TBBO: Who would play you in a biographical role?
- As of right now, my story could probably be told in a 3 minute internet video. So, taking into account what I plan to accomplish in my life and career, I’d tap the underestimated Mr. Nick Cannon. The reason he’d be a great choice is because I’m at a very early stage in my career and I feel that I have a lot of potential as a filmmaker/artist that only time will be able to accurately exhibit; I feel the same about Mr. Cannon’s dramatic acting career. Therefore, our predicted paths would equate to an actor and story worth merging.
TBBO: What movie would you love to star in?
- Toussaint L’ouverture, the Haitian revolutionary. His story of overcoming oppressors to free a society is a perfect example of triumph, perseverance, and the overthrowing of oppressive powers. He was able to accomplish so much with his life that it’s a great example of how one person can make a huge difference in the world. I find it hard to believe that this story has yet to be told on the epic scale which it deserves. I’m aware that Danny Glover has been attempting to get this heroic tale to the big screen, in the face of what seems like a strategic effort to block the film, but I look forward to one day seeing this movie made… even if I’m not in it.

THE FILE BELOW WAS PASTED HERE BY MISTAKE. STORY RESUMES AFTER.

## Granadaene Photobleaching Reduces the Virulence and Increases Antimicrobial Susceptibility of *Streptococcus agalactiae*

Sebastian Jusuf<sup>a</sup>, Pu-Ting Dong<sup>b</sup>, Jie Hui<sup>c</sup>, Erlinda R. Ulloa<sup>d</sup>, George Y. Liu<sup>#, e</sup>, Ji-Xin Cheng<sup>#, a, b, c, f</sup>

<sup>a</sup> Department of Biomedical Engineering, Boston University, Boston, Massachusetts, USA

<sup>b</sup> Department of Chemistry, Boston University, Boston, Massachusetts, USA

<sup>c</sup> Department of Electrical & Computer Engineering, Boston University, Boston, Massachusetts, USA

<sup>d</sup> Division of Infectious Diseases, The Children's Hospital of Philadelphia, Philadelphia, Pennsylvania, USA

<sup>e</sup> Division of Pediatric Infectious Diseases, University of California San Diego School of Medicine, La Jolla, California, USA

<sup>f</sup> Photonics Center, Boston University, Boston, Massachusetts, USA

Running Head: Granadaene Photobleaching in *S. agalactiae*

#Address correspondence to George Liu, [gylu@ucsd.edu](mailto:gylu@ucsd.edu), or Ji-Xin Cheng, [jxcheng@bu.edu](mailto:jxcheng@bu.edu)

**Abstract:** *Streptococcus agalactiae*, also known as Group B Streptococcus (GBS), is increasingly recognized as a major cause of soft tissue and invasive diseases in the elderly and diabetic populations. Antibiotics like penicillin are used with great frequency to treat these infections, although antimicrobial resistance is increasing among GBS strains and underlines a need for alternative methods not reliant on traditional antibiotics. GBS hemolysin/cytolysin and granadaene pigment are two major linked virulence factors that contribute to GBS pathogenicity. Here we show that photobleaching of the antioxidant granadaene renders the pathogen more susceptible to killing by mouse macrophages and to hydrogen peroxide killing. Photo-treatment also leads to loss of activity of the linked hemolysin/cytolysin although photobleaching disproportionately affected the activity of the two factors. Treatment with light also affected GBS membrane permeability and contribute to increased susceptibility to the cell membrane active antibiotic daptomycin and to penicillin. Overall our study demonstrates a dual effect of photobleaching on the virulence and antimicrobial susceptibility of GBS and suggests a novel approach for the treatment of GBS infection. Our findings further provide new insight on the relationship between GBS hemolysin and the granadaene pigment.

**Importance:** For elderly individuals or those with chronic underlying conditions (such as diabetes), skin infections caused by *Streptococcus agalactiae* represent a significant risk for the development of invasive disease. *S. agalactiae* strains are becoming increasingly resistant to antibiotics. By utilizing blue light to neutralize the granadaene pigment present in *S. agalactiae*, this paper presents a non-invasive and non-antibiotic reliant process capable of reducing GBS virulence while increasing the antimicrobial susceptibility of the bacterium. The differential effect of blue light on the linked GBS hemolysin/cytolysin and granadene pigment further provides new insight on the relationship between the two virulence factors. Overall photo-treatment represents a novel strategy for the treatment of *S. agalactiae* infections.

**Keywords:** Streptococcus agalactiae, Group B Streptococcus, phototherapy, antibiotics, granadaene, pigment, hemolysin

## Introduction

TBBO: What is the worst movie you ever saw?
- Irreversible, a French film by Gaspar Noé pushed me to the limits on what I could tolerate. I’m a person who appreciates films with dark tones and subject matter, like Requiem for a Dream and Three Extremes. However, in this film in which I’m basically referring to two graphic scenes, one specifically being a nine minute rape scene, challenged my level of acceptance. But the combination of violent, realistic-imagery plus a well executed cinematic film and performances left me conflicted, shook, and drained…too drained!
TBBO: Favorite piece of modern technology?
- The internet, primarily because the way it has allowed various forms of media and communication to converge in ways never before available. Now, I watch TV whenever I want to online, I communicate in real time to long lost friends and family, and there’s practically no subject that I can’t learn about in a thorough summary, love that Wikipedia. It has helped and continues to revolutionize the world.
INTERVIEW: Maxwell Addae
Written by Vy Pham
Local filmmaker Maxwell Addae has always had a love for creating stories and an equal love for movies. He talks to RAW about his new film and his work. Be sure to RSVP to see a special screening of "The Man in the Glass Case" at the next RAW showcase at Cinespace in Hollywood on Thursday, August 5th!